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La Isla Maxima – Andalucia scoops the Goyas 2015

February 9, 2015 – 12:08 am The Goyas 2015 saw Andalucian cinema triumphant. The Goyas 2015 saw Andalucian cinema triumphant.

As I mentioned in my last blog post, several films shot in Andalucian were nominated for a total of 29 Goyas this year.

In the glamorous ceremony, on Saturday 7 February, they won a total of 17:

El Niño: Best Special Effects, Best Sound, Best Production Design, Best Song

La Isla Minima: Best Film, Best Director, Best Actor, Best Editing, Best Art Direction, Best Photography, Best Costume Design, Best Newcomer Actress, Best Music, Best Original Screenplay

Ocho Appellidos Vascos: Best Supporting Actress, Best Newcomer Actor

Paco de Lucia. La Busqueda: Best Documentary

Goya de Honor – this award went to Antonio Banderas, the actor, director and producer who has starred in countless films both in Spain and the US, and hails from Marbella.

The presenter of the ceremony was Dani Govira, who was also the winner of the Best Newcomer Actor.

It was a triumphant night for Andalucian cinema.

La Isla Minima, Gopya, Goyas, Seville, Sevilla The bleak yet mesmerising landscape is a hugely important element of the film.

 

La Isla Minima is set in the 1980s, when this rural region close to Seville was a remote, forgotten backwater, despite being located only 30km from the largest city in southern Spain. The plot is based around the murder of two girls who, like most people in the tiny town, are desperate to get out. Two detectives come to investigate the murders, and find the local people are scared and largely unwilling to cooperate.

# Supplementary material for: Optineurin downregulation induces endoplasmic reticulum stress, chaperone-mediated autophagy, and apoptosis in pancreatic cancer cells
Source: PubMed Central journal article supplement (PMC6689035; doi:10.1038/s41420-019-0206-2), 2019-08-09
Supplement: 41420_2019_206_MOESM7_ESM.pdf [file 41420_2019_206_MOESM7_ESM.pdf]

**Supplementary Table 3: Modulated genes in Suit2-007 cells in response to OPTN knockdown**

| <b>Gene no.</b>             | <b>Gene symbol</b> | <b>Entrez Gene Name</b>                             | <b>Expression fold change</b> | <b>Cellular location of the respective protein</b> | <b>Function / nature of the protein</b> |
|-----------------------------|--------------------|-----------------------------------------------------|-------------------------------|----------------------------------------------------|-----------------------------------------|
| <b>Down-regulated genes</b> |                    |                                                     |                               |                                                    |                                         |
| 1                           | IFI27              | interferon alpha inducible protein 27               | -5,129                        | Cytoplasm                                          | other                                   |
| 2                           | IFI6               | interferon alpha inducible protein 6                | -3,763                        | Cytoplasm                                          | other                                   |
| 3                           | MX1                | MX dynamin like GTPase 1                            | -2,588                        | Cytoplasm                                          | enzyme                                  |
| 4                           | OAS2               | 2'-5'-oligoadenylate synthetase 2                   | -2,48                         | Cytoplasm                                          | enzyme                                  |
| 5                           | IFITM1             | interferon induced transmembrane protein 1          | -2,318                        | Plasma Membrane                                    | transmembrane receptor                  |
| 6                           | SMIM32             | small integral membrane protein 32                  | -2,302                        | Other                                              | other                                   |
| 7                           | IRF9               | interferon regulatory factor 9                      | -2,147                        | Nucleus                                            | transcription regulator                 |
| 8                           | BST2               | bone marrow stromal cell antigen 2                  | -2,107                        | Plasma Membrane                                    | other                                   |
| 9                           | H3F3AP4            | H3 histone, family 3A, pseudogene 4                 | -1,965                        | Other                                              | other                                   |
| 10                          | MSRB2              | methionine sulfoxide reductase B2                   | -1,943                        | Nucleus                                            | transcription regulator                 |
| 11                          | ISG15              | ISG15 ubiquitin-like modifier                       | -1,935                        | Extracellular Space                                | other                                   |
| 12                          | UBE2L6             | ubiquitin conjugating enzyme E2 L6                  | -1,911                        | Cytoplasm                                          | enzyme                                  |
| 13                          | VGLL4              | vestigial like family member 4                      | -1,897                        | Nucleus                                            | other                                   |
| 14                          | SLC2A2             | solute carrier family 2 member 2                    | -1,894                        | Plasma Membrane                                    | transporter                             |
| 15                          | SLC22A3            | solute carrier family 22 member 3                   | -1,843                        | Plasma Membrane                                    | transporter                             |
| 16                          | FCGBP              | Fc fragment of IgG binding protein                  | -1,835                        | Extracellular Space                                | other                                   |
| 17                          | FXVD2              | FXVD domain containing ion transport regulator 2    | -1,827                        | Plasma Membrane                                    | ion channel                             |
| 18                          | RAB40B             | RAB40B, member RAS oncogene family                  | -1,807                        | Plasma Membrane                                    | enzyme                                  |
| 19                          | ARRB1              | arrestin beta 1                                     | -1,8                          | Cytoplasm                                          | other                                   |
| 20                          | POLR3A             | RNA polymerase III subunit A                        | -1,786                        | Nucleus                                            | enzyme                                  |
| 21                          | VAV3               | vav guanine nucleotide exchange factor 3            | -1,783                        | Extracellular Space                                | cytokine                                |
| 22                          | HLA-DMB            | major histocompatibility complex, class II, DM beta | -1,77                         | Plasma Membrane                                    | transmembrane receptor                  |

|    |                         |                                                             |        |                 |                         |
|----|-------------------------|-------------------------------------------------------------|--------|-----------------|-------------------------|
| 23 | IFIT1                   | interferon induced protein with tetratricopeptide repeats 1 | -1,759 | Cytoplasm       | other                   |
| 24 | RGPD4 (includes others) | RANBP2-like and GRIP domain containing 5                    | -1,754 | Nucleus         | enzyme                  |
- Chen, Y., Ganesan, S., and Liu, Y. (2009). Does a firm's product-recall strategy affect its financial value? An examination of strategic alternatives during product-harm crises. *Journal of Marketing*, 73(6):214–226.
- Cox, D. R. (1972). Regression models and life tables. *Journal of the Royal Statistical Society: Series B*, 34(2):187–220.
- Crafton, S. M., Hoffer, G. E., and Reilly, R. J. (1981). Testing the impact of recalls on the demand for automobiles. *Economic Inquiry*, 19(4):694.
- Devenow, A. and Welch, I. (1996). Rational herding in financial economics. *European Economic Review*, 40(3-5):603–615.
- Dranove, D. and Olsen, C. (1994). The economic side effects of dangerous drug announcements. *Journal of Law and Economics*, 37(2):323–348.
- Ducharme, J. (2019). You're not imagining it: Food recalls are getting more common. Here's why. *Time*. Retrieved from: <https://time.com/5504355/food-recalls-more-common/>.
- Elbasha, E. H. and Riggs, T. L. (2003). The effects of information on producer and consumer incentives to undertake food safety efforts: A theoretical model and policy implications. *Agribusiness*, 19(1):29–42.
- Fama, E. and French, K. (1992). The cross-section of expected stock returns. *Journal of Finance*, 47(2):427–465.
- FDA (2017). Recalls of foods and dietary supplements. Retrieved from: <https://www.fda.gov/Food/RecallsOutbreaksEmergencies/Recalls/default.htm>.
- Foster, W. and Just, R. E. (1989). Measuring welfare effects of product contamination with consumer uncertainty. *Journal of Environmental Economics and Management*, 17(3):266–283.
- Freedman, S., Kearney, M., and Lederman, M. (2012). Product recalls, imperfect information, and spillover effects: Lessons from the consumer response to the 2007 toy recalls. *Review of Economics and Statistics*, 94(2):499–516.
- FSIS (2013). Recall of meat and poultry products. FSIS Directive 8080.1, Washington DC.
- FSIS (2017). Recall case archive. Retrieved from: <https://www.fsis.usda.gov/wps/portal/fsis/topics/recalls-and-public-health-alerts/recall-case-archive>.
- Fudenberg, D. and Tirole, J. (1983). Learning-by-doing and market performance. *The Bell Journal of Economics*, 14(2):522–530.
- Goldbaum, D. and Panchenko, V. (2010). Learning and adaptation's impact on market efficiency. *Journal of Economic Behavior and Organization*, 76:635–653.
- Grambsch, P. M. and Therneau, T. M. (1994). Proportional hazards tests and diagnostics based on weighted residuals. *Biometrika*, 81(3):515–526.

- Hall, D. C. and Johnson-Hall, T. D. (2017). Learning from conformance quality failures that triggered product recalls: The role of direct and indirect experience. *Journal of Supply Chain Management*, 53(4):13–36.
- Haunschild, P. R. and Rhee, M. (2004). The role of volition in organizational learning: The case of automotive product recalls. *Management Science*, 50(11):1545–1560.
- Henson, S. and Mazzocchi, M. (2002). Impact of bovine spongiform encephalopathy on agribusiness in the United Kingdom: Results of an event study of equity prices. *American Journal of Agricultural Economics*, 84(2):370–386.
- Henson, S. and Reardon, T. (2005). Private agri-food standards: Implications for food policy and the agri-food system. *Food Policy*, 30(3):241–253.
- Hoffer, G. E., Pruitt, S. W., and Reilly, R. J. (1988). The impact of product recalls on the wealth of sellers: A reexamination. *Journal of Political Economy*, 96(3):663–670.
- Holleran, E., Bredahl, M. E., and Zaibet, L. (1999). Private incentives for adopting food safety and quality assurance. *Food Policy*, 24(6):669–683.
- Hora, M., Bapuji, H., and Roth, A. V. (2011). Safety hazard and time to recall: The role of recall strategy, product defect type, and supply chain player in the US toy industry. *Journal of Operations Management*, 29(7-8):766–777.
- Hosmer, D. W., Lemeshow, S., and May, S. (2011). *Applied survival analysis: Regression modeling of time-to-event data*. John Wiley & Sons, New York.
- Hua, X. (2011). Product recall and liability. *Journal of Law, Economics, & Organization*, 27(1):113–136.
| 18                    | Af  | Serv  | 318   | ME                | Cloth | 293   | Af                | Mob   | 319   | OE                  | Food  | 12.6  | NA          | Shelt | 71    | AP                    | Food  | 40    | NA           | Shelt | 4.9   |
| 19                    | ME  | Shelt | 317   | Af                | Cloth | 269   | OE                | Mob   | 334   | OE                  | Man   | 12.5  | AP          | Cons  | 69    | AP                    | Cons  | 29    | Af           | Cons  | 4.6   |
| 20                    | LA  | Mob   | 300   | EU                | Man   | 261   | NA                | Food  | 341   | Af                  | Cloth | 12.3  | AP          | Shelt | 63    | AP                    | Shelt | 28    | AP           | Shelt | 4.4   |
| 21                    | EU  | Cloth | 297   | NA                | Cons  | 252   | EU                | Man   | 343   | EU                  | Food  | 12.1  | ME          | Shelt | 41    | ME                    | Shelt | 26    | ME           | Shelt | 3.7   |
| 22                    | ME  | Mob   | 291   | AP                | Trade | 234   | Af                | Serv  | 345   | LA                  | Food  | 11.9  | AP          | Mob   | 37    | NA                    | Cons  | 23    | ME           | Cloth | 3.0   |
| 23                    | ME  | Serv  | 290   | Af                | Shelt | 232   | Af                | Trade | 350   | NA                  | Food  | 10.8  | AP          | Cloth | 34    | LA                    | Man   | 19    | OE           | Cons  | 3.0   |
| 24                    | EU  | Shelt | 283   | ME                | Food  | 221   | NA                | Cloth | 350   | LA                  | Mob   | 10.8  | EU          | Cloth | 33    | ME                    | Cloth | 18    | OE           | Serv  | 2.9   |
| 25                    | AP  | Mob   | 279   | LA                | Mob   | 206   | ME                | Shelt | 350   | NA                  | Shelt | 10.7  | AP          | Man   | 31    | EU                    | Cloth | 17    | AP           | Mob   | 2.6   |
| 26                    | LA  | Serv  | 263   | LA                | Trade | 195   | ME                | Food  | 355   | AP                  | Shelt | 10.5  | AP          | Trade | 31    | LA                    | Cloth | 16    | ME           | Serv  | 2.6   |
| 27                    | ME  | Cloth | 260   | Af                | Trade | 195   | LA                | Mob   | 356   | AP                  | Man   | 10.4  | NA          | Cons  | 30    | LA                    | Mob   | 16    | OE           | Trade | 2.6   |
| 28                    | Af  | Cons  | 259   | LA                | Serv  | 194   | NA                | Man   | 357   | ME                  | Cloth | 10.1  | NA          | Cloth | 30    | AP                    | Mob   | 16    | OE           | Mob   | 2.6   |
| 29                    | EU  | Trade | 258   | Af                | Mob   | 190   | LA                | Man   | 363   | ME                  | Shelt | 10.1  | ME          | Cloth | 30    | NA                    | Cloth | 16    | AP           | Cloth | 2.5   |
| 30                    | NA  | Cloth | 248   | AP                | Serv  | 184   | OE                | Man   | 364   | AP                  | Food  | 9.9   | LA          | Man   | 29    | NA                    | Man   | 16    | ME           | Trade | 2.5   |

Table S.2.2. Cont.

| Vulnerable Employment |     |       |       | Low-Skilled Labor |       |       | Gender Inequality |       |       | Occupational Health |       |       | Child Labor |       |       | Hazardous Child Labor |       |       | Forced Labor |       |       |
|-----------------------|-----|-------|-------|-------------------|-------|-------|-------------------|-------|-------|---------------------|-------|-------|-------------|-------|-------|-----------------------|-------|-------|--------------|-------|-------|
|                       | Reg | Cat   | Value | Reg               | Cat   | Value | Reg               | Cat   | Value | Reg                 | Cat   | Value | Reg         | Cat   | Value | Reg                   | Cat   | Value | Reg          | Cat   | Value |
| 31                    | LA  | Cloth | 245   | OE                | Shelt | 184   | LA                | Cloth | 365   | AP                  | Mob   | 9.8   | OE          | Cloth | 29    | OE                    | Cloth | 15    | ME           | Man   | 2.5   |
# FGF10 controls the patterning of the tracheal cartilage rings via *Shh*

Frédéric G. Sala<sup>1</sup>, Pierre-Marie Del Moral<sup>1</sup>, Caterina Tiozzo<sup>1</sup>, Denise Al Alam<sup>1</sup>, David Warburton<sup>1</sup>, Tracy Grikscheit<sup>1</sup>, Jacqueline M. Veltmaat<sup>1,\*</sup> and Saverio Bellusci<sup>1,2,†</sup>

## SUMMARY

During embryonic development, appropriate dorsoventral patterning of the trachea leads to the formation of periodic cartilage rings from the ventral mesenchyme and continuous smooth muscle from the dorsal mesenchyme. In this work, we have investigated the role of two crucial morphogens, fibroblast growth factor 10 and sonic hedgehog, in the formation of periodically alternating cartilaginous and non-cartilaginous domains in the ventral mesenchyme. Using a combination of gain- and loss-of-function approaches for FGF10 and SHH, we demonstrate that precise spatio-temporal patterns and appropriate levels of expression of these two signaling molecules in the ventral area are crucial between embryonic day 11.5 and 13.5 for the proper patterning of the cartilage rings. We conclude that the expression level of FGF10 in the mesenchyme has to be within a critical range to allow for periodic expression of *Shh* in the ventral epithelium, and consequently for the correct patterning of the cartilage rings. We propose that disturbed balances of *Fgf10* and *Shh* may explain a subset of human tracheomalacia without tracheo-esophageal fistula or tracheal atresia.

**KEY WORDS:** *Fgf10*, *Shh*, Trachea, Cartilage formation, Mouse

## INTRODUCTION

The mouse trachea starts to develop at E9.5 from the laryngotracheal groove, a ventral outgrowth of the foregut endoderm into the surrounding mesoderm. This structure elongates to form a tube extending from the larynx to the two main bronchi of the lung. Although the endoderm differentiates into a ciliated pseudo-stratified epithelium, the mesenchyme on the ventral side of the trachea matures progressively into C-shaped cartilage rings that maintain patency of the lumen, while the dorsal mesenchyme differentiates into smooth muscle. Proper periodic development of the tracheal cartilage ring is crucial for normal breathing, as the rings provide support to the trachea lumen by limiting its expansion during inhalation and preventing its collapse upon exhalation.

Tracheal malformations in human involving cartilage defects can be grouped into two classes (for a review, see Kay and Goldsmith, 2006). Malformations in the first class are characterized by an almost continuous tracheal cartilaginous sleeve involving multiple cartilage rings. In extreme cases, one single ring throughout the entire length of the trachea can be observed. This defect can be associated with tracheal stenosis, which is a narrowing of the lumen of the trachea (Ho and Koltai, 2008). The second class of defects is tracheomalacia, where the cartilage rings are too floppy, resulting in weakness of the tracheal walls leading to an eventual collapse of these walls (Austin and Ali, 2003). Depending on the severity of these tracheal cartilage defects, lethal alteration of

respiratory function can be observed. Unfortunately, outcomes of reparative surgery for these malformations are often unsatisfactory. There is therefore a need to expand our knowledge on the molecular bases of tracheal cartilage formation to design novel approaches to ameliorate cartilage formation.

Isla Minima is an area, along with neighbouring Isla Mayor and Isla Menor, of wetland rice fields near the Guadalquivir river, on the outer parts of UNESCO-recognised biosphere reserve Doñana National Park which lies to the south-west of Seville. The opening credits of this film noir thriller have stunning aerial shots of patchwork emerald-green fields, criss-crossed by small waterways (the translated title is Marshland) – apparently it was an exhibition of such photographs which inspired the idea behind the film.

The film is perfectly paced, with suspense that never lets up. A constant, oppressive sense of doom is convincingly conveyed by starkly beautiful shots of flat, featureless fields, wide open sky, and long, straight roads which lead to nowhere; colours are largely faded and dull, adding to a sense of empty, joyless existence. You get a strong sense of mood, of time and place from the clothes, cars, TVs, radios; the fear of authority – it is as if Franco is still in power, although he has died a decade before.

These people lead difficult lives, working for a rich landowner who exploits them, and have little future to look forward to, or means of escape to something better. A snapshot of a moment in time in a small, isolated rural community where terrible things have happened.

This excellent movie was directed by Alberto Rodriguez, who also made the equally gritty, if more urban cop film Grupo 7, set in Seville at the time of the Expo 92,  which won two Goyas at the 2013 awards.

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